Snowfall amounts of over 1 foot were widespread with higher amounts including a 32 inch tally reported near Sonnette. Wind whipped the fresh snow into drifts reported to be over 20 feet high in places. Power and phone lines were knocked out. Utility lines downed over a 12 county area resulted in losses of nearly $2 million (1998 dollars). Some residents of southeastern Montana were without power for two weeks and without telephone service for over a month. Over 100,000 sheep, horses and cattle were lost with cost in today's dollars tallying well over $10 million.” - National Weather Service
Winter Weather In Montana ~ Courtesy: BigSkyFishing.com
“Winter sees some extremes in Montana weather. During the winter, it is very common for the areas east of the Continental Divide to be in the deep-freeze of below zero temperatures while over in Missoula and Kalispell the temperature can be fifty degrees warmer – and without a wind chill to boot.
As mentioned earlier, this occurs due to the inability of most cold air masses to make their way over the Continental Divide. A couple of times each winter, though, the cold air is deep enough (high enough) to force its way through the mountain passes along the Continental Divide – sneaking through places like Logan Pass, Marias Pass, Rogers Pass and other low elevation passes. When this happens, western Montana – particularly NW Montana – can become just as cold – if not colder – than what is found to the east. Moreover, when this happens, the cold air has a nasty tendency to hang around for quite a long time. This is due to the peculiar topography of NW Montana – the huge valleys and tall mountains frequently trap the cold air – preventing it from being shoved out.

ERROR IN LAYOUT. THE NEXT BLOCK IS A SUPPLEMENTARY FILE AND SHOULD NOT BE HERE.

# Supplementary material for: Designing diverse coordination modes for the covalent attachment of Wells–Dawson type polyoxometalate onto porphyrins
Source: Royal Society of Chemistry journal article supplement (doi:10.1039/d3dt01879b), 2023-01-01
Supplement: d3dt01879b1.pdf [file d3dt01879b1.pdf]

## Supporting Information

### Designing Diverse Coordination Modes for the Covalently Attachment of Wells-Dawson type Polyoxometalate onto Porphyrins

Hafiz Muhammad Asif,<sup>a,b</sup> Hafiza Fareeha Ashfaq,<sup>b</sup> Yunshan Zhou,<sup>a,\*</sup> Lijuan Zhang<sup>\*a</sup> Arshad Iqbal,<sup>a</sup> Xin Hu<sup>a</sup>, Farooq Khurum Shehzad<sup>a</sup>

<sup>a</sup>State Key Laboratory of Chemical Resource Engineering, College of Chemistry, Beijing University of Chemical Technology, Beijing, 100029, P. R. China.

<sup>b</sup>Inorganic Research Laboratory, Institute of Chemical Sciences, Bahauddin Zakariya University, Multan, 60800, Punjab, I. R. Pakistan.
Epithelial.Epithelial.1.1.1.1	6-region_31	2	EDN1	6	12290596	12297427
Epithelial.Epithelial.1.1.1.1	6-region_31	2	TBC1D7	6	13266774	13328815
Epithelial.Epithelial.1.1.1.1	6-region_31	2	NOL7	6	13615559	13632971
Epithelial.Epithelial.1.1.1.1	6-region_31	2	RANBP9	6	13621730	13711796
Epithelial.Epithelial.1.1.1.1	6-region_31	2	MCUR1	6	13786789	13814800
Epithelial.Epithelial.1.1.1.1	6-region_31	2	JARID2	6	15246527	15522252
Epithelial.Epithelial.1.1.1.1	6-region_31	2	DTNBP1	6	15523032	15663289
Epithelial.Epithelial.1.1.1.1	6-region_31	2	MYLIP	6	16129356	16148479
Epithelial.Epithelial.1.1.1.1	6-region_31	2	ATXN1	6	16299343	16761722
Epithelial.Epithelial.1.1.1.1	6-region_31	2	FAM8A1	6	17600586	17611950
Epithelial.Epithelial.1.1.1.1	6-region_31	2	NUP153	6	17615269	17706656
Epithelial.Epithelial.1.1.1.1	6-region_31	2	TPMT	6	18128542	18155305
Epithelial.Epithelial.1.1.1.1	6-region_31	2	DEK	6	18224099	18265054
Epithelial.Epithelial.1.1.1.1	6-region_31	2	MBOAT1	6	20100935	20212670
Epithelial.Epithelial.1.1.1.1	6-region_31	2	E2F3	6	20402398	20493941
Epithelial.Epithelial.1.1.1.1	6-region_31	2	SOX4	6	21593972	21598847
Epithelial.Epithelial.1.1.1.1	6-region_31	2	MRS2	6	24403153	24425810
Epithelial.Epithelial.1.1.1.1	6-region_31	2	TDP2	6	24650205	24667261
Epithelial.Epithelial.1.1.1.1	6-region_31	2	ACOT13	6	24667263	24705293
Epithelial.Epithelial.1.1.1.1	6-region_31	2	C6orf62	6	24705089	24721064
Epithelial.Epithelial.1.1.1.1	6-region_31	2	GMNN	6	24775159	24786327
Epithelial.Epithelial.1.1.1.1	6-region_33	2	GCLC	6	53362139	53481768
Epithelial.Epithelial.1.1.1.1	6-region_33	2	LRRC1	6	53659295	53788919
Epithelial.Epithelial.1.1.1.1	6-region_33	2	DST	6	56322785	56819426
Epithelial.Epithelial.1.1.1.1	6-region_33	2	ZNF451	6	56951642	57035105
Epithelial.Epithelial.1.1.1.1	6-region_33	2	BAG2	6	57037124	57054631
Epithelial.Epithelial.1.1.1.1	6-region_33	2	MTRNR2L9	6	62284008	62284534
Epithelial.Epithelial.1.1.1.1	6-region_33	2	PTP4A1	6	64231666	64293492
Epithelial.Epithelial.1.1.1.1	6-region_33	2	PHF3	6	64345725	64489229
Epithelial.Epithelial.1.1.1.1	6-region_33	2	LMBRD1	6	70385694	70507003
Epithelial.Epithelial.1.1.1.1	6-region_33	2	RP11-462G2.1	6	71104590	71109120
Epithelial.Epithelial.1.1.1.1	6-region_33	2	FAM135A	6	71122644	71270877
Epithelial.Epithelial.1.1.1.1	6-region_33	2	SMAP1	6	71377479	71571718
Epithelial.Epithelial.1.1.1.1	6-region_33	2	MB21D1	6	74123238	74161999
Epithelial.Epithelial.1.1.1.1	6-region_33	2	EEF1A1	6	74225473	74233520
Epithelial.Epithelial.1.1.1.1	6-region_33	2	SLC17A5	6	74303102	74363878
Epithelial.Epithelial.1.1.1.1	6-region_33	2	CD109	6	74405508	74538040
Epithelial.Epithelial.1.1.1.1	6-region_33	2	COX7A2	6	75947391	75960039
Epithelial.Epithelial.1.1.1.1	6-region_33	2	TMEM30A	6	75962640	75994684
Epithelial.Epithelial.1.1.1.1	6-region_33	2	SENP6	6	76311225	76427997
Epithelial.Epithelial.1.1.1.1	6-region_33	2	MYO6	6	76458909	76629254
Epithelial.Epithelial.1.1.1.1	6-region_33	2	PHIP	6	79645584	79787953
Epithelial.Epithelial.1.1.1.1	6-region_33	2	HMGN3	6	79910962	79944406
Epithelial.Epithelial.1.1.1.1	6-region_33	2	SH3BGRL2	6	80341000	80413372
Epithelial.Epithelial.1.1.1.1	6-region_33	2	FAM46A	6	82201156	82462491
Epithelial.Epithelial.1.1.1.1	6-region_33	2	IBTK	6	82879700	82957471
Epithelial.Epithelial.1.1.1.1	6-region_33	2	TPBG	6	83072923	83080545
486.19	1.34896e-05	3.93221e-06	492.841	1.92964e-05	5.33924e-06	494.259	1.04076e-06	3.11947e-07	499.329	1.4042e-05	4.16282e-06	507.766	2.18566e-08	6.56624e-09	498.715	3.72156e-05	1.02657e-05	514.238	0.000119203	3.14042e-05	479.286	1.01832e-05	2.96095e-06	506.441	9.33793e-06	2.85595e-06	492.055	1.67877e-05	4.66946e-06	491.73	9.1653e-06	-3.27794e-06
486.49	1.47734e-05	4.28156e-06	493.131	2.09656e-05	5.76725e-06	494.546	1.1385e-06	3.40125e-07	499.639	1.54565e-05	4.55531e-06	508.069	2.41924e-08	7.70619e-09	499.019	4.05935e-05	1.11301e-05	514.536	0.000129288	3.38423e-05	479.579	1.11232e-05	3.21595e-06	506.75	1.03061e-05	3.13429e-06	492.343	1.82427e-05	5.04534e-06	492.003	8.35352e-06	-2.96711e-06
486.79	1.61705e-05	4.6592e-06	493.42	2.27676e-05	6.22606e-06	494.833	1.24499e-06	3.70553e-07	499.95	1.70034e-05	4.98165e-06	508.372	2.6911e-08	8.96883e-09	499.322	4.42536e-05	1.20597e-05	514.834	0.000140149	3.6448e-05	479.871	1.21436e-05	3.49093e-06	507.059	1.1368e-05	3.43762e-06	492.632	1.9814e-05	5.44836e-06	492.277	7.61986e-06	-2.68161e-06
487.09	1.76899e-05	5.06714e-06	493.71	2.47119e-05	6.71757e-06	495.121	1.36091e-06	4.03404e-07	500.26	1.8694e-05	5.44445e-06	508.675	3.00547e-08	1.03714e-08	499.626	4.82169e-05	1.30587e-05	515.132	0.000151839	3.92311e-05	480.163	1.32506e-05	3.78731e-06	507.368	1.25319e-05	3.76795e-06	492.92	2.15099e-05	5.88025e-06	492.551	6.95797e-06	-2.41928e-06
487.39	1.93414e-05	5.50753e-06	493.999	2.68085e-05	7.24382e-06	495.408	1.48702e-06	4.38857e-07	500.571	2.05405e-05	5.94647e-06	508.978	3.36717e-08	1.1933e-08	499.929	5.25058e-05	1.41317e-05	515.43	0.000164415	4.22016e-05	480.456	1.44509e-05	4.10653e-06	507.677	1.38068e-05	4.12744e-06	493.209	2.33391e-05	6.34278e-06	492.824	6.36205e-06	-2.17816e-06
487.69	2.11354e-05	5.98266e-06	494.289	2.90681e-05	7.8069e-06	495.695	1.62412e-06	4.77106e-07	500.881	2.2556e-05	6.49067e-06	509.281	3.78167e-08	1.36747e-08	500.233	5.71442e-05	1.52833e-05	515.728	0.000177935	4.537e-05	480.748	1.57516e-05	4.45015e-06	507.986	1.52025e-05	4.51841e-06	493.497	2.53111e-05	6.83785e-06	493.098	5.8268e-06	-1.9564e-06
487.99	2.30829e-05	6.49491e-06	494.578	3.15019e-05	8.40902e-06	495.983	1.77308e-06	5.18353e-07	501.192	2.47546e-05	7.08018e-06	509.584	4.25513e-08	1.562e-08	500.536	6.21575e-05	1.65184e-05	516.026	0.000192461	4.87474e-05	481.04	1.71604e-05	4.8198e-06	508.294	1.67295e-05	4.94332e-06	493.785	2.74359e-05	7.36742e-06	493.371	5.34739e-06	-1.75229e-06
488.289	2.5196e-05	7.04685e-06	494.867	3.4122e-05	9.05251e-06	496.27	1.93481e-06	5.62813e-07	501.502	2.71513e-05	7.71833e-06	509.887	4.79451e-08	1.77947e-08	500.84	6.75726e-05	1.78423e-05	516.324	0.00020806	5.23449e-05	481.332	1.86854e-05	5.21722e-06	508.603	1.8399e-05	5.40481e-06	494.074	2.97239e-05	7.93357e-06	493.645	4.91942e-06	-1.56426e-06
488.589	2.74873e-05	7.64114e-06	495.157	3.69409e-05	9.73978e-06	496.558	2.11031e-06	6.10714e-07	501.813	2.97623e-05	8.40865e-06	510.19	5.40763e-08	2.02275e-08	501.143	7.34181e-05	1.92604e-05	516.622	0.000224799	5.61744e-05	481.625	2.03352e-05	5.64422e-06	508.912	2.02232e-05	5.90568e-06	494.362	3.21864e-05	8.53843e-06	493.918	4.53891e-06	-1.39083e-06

Western Montana during the winter receives much more snow, generally, than areas in eastern Montana. However, all areas of Montana can be hit hard by deep snows. Eastern Montana, along with the occasional deep snow, also suffers from the curse of seemingly always blowing snow.
Not surprisingly, eastern Montana also is much windier during the winter than is found in western Montana – just like during the summer months. This wind, besides making the wind chill plummet, also has a nasty tendency to blow the snow that does fall in eastern Montana all over the place. Huge drifts frequently form behind houses, barns, small hills and behind anything else that the wind can’t blow away. Snow fences along eastern Montana highways, which help to capture snow and prevent it from blowing onto the highway, are also a common sight.
How much snow falls in Montana changes, often dramatically, from year to year. The tall mountains in Montana – even those found in the eastern part of the state – often receive very substantial snow falls – generally ending the year with well over 100 inches of snowpack (snowpack = packed snow depth, not how much snow actually fell during the year. To create a 100 inch snowpack by early April usually requires well over 250 inches of snowfall during the course of the winter).
By contrast, the lower valleys in western Montana tend to avoid the deep snow that is found in the mountains. The mountains tend to draw away the moisture of big storms, leaving lighter snowfalls for the low elevation valleys. Generally, most lower valley locations in western Montana tend not to receive more than 50-70 inches of snow a year.”